Aldosterone also has harmful effects on the peripheral vasculature. Duprez et al found an inverse relationship between plasma aldosterone and large artery compliance, presumably due to the induction of fibrosis and vascular remodeling, or to other negative effects of aldosterone. Wang showed in the dog that aldosterone depresses baroreceptor function, which is thought to be related to large-artery compliance. Recently Swan et al identified aldosterone levels as a determinant of insulin resistance in CHE Insulin sensitivity probably depends on a vessel’s ability to release nitric oxide in response to insulin, and it is also quite likely that the same ability to release nitric oxide determines an artery’s compliance. Thus, according to this hypothesis aldosterone, by acting on nitric oxide, could be the link between compliance and insulin sensitivity. It is of interest that patients with primary aldosteronism have endothelial dysfunction, evidenced by a decrease in their forearm vascular response to acetylcholine vs normal subjects. Resection of the aldosterone-secreting tumor restores normal endothelial function. Endothelial dysfunction has been suggested as a mechanism for the reduced vasodilation in CHF. Thus in several different ways aldosterone could contribute to the generalized vasoconstriction occurring in heart failure.
The diuretics taken by most patients with CHF compound the potassium and magnesium depletion caused by the aldosterone-induced increase in urinary output. Both hypokalemia and hypomagnesemia predispose patients to recurrent ventricular arrhythmia, digitalis toxicity and possible sudden death. Aldosterone may also precipitate ventricular arrhythmia by increasing norepinephrine uptake and thus potentiating the effects of catecholamines. Other studies, however, have suggested that it modulates sympathetic neurotransmission and blocks norepinephrine uptake into myocardium. Thus it has been shown in CHF patients that spironolactone increases the myocardial uptake of meta-iodobenzylguanidine (MIBG), a norepinephrine analogue; in addition, decreased myocardial fixation of MIBG may be associated with altered left ventricular function and a poor prognosis. The exact mechanism and consequences of this potential interaction with myocardial neurotransmission in CHF warrant further studies, which should provide new insights into the detrimental effects of aldosterone.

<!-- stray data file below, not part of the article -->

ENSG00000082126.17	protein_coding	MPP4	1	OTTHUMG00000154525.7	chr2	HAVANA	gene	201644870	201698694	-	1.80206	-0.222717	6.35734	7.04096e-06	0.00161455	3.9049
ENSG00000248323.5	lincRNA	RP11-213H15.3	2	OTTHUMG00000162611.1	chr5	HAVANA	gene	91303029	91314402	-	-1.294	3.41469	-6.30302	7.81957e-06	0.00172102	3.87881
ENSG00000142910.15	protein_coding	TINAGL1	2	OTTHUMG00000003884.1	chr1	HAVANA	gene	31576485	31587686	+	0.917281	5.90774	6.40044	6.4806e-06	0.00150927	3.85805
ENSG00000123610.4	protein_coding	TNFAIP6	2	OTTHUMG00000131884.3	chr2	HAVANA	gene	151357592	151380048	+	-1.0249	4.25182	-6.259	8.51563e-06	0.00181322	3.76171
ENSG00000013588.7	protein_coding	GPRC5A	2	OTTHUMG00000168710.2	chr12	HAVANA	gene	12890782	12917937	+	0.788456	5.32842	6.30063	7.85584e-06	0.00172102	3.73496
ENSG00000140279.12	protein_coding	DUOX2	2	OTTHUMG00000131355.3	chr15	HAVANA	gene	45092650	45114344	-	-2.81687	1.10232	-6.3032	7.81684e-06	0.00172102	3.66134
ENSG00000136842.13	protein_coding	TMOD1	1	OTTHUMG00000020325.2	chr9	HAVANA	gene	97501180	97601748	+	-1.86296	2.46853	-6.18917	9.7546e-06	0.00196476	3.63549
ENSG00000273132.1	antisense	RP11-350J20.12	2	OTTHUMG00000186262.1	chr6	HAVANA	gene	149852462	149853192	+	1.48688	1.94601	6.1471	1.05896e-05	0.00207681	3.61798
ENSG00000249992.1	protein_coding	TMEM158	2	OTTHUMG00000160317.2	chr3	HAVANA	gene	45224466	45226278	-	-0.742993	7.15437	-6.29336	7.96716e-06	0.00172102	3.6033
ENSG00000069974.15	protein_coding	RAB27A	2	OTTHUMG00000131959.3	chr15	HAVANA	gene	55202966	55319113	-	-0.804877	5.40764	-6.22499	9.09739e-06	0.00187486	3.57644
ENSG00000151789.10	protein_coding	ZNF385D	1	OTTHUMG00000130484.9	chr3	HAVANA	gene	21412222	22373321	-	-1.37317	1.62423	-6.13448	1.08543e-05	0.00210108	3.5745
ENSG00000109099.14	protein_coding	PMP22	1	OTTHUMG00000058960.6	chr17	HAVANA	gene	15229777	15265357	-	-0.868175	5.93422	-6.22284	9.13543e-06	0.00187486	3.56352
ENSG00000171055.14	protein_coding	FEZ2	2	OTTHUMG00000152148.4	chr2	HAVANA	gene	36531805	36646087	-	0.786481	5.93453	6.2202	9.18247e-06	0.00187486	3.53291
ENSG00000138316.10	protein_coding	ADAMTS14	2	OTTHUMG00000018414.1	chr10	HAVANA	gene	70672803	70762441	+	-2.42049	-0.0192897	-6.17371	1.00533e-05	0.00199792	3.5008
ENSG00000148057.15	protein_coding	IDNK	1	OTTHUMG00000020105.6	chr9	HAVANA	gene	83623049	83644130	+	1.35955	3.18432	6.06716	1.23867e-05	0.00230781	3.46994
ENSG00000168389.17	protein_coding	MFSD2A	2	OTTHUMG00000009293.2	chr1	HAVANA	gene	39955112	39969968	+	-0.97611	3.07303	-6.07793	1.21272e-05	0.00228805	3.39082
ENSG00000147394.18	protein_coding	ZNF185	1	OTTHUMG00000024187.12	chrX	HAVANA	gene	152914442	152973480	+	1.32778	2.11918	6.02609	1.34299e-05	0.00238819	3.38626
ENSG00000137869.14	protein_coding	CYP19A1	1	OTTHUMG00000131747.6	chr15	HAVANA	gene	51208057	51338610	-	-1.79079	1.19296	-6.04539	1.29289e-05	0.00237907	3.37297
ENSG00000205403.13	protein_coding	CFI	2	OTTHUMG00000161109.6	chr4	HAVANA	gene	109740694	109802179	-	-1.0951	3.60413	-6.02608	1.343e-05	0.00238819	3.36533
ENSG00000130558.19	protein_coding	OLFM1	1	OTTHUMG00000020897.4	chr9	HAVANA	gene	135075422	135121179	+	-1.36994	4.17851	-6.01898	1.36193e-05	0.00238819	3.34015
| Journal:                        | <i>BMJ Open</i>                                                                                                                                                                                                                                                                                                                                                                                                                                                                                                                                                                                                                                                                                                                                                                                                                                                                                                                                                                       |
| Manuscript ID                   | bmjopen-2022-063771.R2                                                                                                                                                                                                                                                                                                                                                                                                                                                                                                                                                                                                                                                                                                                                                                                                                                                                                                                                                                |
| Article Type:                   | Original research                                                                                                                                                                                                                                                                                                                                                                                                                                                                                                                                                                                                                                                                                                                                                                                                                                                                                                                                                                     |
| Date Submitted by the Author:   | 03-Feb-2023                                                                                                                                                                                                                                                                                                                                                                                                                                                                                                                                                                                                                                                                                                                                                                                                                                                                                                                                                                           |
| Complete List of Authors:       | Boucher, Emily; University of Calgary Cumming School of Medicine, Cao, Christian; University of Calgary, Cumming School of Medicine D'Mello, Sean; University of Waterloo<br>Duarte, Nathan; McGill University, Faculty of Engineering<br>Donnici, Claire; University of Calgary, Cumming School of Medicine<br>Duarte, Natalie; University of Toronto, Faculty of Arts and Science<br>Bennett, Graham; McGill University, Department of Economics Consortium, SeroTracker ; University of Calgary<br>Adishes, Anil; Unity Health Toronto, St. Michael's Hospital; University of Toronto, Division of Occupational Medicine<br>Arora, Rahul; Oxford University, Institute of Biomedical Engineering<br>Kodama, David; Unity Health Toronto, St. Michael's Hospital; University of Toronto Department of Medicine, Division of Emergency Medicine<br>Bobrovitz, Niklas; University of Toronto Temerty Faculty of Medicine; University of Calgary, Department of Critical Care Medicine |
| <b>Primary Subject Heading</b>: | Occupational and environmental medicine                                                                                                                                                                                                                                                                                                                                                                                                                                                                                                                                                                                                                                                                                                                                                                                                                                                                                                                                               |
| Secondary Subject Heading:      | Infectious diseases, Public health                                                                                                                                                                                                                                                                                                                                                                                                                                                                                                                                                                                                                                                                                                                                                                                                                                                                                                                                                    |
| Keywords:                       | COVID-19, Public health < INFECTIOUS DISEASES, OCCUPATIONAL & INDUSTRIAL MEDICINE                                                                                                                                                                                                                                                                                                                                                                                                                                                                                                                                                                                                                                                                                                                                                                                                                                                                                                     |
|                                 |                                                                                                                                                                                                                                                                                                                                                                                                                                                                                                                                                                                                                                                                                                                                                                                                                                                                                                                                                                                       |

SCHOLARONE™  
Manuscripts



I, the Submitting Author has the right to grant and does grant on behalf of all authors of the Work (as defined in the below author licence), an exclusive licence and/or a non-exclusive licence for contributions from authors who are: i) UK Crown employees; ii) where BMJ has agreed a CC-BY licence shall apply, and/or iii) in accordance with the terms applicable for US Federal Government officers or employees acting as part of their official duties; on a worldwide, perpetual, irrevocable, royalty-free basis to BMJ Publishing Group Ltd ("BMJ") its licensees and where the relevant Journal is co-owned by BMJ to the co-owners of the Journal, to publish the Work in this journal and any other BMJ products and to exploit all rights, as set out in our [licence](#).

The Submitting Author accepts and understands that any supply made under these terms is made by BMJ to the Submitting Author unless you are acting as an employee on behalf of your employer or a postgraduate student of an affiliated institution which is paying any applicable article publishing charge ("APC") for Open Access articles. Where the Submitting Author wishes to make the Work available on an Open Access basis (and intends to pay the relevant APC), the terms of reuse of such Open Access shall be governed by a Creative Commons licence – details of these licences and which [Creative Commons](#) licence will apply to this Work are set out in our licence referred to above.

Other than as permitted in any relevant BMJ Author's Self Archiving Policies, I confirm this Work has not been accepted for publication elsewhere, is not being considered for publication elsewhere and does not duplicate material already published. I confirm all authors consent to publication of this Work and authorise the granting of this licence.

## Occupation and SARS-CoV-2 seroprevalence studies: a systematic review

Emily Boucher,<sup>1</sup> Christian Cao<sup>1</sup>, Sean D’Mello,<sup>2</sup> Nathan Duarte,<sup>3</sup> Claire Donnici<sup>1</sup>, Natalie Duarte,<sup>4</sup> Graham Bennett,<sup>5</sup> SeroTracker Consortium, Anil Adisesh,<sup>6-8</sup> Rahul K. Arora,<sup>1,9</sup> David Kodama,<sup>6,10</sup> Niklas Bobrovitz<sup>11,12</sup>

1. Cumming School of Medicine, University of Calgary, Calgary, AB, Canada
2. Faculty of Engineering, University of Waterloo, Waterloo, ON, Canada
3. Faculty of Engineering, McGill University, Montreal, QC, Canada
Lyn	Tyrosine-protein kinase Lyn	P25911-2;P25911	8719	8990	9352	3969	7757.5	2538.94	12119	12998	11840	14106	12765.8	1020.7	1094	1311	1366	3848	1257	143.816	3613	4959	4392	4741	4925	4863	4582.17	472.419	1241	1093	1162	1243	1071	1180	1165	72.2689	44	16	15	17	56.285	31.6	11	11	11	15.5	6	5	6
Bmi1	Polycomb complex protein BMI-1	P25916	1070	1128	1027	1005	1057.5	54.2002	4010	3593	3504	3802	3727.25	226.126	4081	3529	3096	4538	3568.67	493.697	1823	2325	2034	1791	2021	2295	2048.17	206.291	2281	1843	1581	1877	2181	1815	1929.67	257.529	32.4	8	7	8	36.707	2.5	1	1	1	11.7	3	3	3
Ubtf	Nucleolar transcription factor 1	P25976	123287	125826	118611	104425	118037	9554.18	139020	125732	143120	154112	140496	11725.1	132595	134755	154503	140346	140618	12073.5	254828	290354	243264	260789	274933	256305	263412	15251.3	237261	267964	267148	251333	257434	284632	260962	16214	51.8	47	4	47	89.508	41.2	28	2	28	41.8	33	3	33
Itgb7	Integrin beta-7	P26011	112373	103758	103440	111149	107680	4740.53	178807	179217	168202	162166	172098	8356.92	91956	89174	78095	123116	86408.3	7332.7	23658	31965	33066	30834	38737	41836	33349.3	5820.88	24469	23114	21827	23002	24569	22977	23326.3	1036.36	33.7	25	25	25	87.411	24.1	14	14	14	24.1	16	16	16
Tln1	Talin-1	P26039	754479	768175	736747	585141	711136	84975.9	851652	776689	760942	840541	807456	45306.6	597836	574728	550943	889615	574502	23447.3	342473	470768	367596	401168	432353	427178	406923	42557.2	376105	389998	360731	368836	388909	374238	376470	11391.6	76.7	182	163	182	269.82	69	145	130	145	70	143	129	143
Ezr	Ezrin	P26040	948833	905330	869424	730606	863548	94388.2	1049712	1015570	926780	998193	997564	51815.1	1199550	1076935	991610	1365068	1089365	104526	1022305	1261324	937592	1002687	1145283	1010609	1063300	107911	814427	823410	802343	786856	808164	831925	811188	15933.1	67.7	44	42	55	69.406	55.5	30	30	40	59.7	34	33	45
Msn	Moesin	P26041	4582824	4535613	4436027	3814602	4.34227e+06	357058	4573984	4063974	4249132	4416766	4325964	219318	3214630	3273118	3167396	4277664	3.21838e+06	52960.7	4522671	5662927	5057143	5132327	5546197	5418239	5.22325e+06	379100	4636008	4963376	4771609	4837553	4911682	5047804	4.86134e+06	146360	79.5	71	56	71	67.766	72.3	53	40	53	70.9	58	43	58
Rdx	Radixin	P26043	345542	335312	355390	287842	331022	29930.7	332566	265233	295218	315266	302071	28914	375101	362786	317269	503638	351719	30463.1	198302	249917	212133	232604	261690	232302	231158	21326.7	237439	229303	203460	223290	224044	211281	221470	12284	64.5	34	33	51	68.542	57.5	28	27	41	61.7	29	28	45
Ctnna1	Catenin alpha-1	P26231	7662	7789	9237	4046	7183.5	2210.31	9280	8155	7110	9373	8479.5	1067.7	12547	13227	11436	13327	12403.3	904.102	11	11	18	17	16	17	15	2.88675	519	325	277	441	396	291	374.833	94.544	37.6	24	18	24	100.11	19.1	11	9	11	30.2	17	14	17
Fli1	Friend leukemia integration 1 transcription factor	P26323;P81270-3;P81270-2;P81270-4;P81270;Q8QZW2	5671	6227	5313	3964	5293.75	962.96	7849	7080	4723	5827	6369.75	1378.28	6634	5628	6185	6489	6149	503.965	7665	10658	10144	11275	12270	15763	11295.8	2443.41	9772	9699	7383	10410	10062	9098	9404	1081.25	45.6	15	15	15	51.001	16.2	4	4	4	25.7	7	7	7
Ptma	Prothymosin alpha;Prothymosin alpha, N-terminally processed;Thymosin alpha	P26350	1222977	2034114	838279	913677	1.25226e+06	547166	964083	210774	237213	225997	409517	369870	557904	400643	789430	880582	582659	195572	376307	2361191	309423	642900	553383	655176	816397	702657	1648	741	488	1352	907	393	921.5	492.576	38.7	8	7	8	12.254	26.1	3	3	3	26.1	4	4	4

Aldosterone also seems to influence the baroreflex response, independently of angiotensin II. Perfusion of the canine carotid sinus with aldosterone decreases baroreceptor discharges. In normal humans, aldosterone decreases the heart rate response to norepinephrine infusion mediated by the baroreflex, whereas the pressor response is not modified. Aldosterone increases sodium transport by increasing Na-K pump activity; whether similar effects occur in nerve endings is not known. As the baroreceptor response in heart failure alters due to baroreceptor desensitization, aldosterone contributes to the sympathetic/parasympathetic imbalance in these patients.
High aldosterone levels may also precipitate recurrent ischemic events in patients with left ventricular dysfunction, acting via endothelial dysfunction, hypomagnesemia (which increases coronary resistance), and/or by promoting atherosclerosis (by lowering HDL cholesterol levels).
In CHF patients treated with diuretics and angiotensin-converting enzyme (ACE) inhibitors, aldosterone may escape ACE-inhibitor suppression and remain elevated, for reasons that are incompletely understood. Alternative pathways of angiotensin II production have been identified and are likely to dominate after prolonged ACE blockade and a resultant increase in renin. Aldosterone may be produced by non-angiotensin II-depend-ent mechanisms involving cortisol, ACTH, and ANP, whose levels all increase in CHF. It is also noteworthy that aldosterone escape occurs during exercise, independently of ACE inhibition, suggesting that CHF patients on ACE-inhibitor therapy also experience aldosterone escape during daily life.